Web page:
Winning Chess Tactics, by Yasser Seirawan with Jeremy Silman
As someone who from time to time reads and reviews books on chess , I must say that this book was a particularly challenging volume to read, and likely would be for a variety of readers. A large part of this is by design, as the author is not writing for chess novices but rather for people who are committed to some level of advancement through developing tactical skill into highly competitive levels. The author even advises those who fail the tactical test at the end of the book to read the book again because they obviously didn’t get the lessons that the author was trying to teach from both his own experience as well as his awareness of chess history and particularly his interest in the great tactical masters of chess. The author appears to have a particular interest in those whose greatness in chess was due to their tactical flair as opposed to their understanding of positional principles, and one might be correspondingly inclined to think that the author would be critical of the contemporary tendency to seek ultra-engine moves rather than seek opportunities to show tactical brilliance of a Tal or Morphy.
The material in this slightly more than 200 page book is divided into three parts and twenty-five chapters. The first part of the book, which takes up more than half of the book’s length and thirteen of its chapters, examines various tactics and combinations, some of them going several moves in advance. The authors open with definitions (1) and then move on to the double attack (2), pin (3), skewer (4), king tactics and combinations (5), deflection (6), and battery on an open file or diagonal (7). They also opine on the power of pawns (8), and discuss the decoy (9), clearance sacrifices (10), x-rays and windmills (11), intermediate zwishenzug moves (12), and other kinds of draws (13). The second part of the book examines great tacticians and some of their important games, dealing in a chronological order with such greats as Adolf Anderssen (14), Paul Morphy (15), Rudolf Spielmann (16), Frank Marshall (17), Alexander Alekhine (18), Mikhail Tal (19), and Garry Kasparov (20). The author then concludes in the third part with more tests and solutions, with chapters on basic tactics (21), advanced combinations (22), professional combinations (23) and then chapters on the tests from parts one and two (24) as well as part three (25), which amounts to a test on the reader’s mastery of the material in the book as a whole.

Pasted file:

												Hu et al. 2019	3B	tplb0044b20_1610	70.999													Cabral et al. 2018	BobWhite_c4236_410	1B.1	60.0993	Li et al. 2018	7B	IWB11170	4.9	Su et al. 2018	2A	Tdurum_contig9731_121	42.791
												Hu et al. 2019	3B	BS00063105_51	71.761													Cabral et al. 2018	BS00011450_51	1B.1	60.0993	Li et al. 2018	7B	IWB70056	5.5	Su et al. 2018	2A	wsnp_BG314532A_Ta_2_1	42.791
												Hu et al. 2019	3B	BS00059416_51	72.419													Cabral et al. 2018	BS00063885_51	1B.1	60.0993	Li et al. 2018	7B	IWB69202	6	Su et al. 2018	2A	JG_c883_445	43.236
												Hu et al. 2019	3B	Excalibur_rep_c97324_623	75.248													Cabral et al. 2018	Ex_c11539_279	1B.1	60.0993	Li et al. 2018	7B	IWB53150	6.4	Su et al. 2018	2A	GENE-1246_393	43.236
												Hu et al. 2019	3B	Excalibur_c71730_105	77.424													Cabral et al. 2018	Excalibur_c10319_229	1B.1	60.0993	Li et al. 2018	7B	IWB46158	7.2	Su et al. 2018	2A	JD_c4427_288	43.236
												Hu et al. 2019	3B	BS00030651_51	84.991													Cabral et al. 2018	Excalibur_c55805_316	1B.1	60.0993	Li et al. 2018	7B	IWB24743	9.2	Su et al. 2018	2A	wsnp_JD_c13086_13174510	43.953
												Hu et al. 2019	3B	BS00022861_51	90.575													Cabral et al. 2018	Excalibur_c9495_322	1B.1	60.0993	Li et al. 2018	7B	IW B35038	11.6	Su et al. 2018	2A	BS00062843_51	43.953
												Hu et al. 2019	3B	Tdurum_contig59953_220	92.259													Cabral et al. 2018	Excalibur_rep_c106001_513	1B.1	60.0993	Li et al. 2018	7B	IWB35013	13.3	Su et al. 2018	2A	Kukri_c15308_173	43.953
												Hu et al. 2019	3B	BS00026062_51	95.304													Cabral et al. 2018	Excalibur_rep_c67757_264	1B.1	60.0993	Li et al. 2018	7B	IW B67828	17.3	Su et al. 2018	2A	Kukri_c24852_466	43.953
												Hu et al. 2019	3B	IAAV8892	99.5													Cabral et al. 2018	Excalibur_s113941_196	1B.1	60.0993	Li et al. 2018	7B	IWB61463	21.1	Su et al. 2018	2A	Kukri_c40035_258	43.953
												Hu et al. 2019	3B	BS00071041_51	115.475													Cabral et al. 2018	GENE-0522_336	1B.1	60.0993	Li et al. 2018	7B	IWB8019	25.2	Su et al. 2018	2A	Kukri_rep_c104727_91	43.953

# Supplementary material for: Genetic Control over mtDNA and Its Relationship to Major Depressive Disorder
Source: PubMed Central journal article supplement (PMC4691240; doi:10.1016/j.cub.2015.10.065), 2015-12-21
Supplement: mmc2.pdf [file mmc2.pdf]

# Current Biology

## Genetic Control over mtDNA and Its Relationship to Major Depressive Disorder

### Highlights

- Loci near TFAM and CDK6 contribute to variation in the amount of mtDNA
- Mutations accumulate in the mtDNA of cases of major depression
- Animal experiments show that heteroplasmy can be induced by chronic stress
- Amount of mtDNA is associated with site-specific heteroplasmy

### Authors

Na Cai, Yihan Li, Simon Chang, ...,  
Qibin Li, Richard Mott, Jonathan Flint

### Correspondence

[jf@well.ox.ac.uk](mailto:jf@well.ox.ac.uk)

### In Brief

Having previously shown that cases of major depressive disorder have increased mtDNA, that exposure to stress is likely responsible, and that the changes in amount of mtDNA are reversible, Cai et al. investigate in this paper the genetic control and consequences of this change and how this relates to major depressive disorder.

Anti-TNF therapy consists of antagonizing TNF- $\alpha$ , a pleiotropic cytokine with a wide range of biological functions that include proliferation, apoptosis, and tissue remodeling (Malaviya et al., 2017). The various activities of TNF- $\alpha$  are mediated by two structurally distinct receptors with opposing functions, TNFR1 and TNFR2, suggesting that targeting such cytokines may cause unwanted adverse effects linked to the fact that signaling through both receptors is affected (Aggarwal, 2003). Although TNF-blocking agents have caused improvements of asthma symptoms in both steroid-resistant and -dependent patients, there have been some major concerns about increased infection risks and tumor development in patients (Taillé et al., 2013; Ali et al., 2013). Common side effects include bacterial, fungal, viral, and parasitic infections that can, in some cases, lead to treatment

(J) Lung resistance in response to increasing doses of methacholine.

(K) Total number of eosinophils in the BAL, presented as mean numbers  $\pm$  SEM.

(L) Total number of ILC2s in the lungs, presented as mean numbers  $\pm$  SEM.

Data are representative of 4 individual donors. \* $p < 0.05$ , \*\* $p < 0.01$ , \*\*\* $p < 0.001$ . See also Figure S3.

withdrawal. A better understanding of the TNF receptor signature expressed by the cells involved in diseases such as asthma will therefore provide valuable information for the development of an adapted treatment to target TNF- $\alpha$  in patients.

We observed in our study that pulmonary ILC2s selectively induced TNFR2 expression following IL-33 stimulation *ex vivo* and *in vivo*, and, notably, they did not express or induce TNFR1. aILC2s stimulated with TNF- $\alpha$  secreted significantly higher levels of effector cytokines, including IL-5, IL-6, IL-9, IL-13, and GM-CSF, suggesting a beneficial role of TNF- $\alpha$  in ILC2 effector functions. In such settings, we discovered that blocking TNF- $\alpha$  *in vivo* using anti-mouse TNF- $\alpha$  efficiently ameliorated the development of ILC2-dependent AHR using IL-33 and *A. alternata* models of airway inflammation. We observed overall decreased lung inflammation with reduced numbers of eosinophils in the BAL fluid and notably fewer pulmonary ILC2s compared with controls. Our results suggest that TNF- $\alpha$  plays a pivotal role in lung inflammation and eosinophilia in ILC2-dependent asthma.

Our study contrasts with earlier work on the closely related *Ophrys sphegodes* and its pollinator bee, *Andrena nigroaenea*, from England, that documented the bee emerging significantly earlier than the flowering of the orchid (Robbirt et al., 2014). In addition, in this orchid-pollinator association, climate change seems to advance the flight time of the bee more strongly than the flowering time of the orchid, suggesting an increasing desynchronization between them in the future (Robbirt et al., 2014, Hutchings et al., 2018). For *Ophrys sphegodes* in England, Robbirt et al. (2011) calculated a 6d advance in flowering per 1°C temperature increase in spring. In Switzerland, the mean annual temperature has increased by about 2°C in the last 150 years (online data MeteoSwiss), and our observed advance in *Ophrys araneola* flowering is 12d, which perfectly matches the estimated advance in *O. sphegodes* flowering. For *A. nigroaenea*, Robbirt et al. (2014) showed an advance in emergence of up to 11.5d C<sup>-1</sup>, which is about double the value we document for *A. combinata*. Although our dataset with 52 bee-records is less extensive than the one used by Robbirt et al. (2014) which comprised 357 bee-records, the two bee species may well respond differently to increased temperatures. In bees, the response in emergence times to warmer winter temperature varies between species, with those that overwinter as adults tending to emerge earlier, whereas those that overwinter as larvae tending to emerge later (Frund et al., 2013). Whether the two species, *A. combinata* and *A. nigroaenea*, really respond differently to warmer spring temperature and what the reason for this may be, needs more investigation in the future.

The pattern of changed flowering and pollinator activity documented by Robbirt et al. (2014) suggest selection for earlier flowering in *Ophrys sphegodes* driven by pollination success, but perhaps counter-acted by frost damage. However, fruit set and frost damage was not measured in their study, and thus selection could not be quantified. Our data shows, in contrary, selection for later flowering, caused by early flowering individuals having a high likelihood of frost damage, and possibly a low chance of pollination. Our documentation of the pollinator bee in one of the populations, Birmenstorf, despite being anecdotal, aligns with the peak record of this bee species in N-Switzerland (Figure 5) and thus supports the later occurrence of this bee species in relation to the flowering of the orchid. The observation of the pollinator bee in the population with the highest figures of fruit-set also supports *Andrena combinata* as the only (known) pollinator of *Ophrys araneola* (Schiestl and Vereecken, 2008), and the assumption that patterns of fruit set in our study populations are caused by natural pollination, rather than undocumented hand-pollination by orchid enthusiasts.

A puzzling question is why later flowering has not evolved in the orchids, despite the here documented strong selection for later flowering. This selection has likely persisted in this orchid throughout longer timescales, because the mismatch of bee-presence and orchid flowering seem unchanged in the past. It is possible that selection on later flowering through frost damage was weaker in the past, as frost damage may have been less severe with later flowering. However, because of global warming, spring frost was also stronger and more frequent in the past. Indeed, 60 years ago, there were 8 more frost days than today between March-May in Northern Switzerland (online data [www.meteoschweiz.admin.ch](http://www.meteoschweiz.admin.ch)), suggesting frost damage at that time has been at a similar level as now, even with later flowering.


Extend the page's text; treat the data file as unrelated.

Again, it should be noted that this book (and presumably the other books by these authors) are not aimed at the casual or occasional chess player, someone like myself, but rather for someone who actively intends on improving their chess game several levels to the point of aiming at mastery and tournament victory. Now, it may be in the future that I may become involved in that sort of competitive chess world in the future, but at present it has not been easy for me to find the sort of face-to-face chess playing that I enjoyed a great deal in my youth. That said, for those readers who do take their chess very seriously and who have ambitions of improving their FIDE ranking and perhaps even angling towards professionalizing their chess game, this book is definitely helpful and useful in that regard, and is part of a series that is aimed at that sort of progression as well, and so if you want to acquire norms like Fide Master or International Master or perhaps even Grandmaster, this book will definitely be of assistance in these goals and I highly recommend the author’s historical approach as well as his difficult combinations and challenging tests.
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